Black Mesa, Arizona

Encyclopedia Article


Black Mesa is an elevated, bowl-shaped region (approximately 4,000 square miles) located in northern Arizona. It is part of the Navajo Reservation; a portion of the Hopi Reservation; and some of the Navajo-Hopi Joint Use Area, which is claimed by both the Navajo and Hopi. The region of Black Mesa includes a mesa itself as well as the surrounding sloping hills, canyons, valleys, and four drainages that are tributaries of the Little Colorado River.

This area has been inhabited by Native peoples for over 7,000 years. It is significant to both the Hopi and the Navajo peoples, there are approximately 16,000 Navajo and 8,000 Hopis on Black Mesa. The Hopi reservation consists of twelve villages located on three mesas: First Mesa, Second Mesa, and Third Mesa, all of which are located upon the larger Black Mesa. The Hopi consider this land sacred and part of their tribal history and origin. For the Navajo peoples, Black Mesa is the sacred female mountain, also known as the Female Pollen Range, and is important to the frequently performed Blessingway ceremony. The Blessingway (Hózhójí) is used to bless the "one sung over," to ensure good luck, good health, and blessings for everything that pertains to them.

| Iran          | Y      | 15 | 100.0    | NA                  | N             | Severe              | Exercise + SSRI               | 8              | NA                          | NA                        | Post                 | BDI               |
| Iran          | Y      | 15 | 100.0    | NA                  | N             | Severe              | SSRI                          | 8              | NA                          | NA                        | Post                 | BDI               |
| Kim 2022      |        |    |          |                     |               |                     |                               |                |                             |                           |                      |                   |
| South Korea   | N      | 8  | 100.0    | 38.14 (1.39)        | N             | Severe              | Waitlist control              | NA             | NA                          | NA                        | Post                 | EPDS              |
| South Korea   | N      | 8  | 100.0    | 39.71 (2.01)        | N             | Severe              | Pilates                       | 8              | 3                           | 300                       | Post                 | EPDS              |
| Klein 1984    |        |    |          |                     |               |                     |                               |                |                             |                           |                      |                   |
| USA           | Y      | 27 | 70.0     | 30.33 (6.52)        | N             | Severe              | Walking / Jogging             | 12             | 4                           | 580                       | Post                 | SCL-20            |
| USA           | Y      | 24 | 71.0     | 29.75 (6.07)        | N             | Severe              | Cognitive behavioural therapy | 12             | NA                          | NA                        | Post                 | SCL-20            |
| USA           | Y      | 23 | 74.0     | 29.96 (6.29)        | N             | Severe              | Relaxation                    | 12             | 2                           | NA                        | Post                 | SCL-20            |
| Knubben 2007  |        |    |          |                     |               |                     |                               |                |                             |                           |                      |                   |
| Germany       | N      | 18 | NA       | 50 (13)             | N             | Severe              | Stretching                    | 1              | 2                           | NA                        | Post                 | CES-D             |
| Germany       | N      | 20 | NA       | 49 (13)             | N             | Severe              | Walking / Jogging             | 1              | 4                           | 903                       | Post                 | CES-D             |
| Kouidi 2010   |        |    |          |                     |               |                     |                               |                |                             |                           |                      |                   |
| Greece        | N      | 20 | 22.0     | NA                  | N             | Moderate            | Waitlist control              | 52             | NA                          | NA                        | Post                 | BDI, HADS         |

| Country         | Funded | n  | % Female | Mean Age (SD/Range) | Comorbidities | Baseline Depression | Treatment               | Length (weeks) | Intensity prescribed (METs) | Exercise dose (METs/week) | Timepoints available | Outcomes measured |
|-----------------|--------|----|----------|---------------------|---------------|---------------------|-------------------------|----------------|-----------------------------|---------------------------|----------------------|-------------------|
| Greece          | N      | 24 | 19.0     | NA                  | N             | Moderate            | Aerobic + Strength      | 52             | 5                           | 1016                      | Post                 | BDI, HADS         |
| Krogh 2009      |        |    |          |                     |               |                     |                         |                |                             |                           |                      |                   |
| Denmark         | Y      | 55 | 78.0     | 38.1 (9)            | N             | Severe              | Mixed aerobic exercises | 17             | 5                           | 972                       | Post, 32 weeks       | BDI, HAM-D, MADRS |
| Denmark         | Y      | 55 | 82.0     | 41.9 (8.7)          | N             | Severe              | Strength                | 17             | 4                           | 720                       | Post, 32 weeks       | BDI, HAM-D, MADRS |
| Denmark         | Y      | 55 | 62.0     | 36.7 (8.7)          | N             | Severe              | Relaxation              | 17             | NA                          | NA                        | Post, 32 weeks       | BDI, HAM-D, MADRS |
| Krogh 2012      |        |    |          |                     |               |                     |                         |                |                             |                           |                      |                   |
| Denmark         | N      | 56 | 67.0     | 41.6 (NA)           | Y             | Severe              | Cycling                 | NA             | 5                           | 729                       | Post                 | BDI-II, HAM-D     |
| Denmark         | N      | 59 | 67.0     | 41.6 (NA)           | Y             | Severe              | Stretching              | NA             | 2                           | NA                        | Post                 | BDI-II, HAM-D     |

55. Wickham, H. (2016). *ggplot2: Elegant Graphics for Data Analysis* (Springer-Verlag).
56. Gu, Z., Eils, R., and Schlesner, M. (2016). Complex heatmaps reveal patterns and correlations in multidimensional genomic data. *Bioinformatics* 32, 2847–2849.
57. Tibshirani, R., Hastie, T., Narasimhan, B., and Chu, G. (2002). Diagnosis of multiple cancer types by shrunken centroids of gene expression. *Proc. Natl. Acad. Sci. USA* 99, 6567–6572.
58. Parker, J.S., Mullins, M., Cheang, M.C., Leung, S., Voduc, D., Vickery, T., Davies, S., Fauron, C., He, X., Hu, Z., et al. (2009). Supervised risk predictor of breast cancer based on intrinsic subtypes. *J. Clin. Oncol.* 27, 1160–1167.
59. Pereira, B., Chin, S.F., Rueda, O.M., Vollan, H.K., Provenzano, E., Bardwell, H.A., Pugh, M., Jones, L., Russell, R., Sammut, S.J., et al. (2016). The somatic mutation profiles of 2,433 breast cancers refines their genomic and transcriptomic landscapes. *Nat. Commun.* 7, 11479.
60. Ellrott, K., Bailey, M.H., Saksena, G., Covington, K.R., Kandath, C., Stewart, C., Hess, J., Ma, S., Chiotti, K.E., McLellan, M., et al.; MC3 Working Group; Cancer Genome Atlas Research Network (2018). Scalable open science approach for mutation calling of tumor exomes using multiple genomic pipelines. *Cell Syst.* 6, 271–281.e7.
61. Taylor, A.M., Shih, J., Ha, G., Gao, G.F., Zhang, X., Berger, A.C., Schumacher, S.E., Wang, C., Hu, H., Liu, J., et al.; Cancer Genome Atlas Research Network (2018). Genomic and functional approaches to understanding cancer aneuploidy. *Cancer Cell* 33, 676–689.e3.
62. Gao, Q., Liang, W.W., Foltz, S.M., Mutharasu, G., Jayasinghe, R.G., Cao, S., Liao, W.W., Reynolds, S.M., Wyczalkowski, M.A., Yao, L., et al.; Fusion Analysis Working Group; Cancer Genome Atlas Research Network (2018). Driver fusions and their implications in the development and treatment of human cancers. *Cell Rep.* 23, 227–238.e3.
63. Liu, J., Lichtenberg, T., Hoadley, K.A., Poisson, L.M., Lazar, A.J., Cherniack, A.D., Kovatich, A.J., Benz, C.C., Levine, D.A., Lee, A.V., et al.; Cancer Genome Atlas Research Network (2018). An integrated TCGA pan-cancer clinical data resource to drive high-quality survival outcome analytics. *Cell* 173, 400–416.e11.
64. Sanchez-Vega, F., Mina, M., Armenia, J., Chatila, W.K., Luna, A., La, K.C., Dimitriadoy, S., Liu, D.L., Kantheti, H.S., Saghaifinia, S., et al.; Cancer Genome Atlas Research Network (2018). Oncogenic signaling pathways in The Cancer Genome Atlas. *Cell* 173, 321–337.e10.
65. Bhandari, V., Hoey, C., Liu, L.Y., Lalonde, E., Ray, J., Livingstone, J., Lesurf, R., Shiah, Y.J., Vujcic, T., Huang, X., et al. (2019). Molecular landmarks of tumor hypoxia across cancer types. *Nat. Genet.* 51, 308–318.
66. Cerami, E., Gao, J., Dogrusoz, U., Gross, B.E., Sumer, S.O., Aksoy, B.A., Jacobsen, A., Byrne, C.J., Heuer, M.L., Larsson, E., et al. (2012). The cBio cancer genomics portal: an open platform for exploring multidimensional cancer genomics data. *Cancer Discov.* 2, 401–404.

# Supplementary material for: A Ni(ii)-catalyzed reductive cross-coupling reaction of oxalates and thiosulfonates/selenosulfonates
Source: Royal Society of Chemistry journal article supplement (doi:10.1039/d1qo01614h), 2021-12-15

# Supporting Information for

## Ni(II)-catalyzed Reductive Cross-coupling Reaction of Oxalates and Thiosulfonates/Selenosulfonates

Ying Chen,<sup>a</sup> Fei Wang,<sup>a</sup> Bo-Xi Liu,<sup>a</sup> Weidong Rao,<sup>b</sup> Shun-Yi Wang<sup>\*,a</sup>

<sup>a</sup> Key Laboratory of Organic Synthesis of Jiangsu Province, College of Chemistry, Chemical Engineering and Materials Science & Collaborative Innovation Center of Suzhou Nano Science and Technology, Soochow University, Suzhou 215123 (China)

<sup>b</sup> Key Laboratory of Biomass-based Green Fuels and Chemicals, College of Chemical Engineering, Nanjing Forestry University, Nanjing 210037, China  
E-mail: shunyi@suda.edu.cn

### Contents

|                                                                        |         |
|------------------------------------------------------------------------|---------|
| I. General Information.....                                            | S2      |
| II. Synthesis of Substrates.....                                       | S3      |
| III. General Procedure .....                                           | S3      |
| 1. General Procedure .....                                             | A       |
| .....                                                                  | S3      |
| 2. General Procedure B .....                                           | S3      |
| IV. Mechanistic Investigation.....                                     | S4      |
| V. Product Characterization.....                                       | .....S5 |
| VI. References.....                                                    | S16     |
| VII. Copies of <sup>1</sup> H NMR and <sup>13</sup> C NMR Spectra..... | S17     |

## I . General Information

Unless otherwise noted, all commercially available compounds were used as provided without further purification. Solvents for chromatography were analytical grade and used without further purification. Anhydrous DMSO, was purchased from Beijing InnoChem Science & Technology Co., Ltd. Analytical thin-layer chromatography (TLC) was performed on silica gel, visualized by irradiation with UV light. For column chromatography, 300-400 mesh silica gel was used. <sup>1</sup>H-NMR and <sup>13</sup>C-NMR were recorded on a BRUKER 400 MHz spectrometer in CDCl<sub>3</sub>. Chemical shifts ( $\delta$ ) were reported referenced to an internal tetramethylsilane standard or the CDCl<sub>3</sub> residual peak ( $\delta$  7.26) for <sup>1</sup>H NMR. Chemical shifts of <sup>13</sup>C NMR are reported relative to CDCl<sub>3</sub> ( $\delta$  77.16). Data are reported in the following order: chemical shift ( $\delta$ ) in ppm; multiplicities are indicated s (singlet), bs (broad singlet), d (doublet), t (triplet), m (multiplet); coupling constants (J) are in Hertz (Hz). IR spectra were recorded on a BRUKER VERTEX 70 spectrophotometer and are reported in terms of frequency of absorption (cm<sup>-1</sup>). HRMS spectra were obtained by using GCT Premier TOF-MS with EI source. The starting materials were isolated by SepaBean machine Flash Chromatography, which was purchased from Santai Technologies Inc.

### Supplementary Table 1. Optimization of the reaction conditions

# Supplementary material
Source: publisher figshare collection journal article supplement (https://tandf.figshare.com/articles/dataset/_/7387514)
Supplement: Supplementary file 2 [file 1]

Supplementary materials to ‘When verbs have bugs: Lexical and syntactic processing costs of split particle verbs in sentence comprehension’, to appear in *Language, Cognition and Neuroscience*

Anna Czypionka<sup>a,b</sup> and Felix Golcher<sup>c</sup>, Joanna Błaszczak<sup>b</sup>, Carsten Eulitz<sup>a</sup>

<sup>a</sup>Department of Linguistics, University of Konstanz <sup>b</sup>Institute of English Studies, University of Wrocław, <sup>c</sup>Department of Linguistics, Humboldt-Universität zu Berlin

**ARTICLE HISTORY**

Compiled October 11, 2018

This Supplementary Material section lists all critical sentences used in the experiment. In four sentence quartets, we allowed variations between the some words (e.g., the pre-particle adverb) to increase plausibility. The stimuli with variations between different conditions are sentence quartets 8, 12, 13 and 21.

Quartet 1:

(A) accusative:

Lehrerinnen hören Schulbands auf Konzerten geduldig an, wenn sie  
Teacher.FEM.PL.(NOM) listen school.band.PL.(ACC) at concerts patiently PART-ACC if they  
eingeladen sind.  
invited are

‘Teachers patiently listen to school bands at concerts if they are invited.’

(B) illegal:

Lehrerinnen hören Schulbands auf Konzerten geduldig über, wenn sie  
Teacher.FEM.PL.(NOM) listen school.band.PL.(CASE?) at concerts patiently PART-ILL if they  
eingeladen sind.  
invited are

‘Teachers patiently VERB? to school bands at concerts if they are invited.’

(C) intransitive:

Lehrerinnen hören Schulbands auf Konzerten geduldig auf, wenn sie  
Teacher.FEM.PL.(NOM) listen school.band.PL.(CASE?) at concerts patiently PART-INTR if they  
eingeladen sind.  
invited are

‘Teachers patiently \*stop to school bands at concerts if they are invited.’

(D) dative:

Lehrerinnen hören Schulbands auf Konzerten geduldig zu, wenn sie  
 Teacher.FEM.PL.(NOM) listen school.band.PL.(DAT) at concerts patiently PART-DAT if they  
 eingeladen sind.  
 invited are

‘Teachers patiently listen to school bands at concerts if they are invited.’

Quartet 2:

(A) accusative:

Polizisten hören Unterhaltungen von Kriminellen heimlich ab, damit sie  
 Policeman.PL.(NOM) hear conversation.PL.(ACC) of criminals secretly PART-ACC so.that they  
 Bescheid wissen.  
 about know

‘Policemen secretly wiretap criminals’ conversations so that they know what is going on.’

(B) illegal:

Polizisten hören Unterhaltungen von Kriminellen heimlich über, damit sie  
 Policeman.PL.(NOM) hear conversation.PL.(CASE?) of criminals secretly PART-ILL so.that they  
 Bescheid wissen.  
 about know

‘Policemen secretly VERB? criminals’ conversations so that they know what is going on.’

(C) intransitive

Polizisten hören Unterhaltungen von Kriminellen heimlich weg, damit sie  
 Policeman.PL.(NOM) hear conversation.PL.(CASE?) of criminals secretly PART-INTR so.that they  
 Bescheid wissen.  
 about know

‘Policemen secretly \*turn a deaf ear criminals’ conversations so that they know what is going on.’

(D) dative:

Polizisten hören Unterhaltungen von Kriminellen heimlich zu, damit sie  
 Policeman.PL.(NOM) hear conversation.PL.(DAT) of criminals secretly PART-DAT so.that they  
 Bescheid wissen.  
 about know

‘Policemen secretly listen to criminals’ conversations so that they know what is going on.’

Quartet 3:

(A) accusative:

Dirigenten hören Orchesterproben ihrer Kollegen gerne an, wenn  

Black Mesa is a contested area among Anglo settlers and industrialists, the Hopi, and the Navajo peoples. Despite strong opposition from within and outside their communities, in 1966 the Navajo and Hopi tribal councils sold the mineral and aquifer rights on Black Mesa to the Peabody Coal Company for two million dollars a year. Peabody Coal has been accused of depleting the region’s aquifer; destroying sacred sites; strip-mining; and polluting the area, the Navajo called their actions the “rape of Earth Mother.” Under federal law PL 93-531, at least 12,000 to approximately 16,000 Navajos were forcefully relocated from Black Mesa, in the largest Indigenous relocation in the United States since the Trail of Tears. The Black Mesa mine was closed in 2005; however, in 2008 Peabody Coal received a permit to open again but were denied by administrative law judge in 2010 for not satisfying the National Environmental Policy Act (NEPA).

Photo Credit: 

"The eastern edge of Black Mesa, west of Chilchinbito, Arizona" by Doc Searls is licensed under CC BY-SA.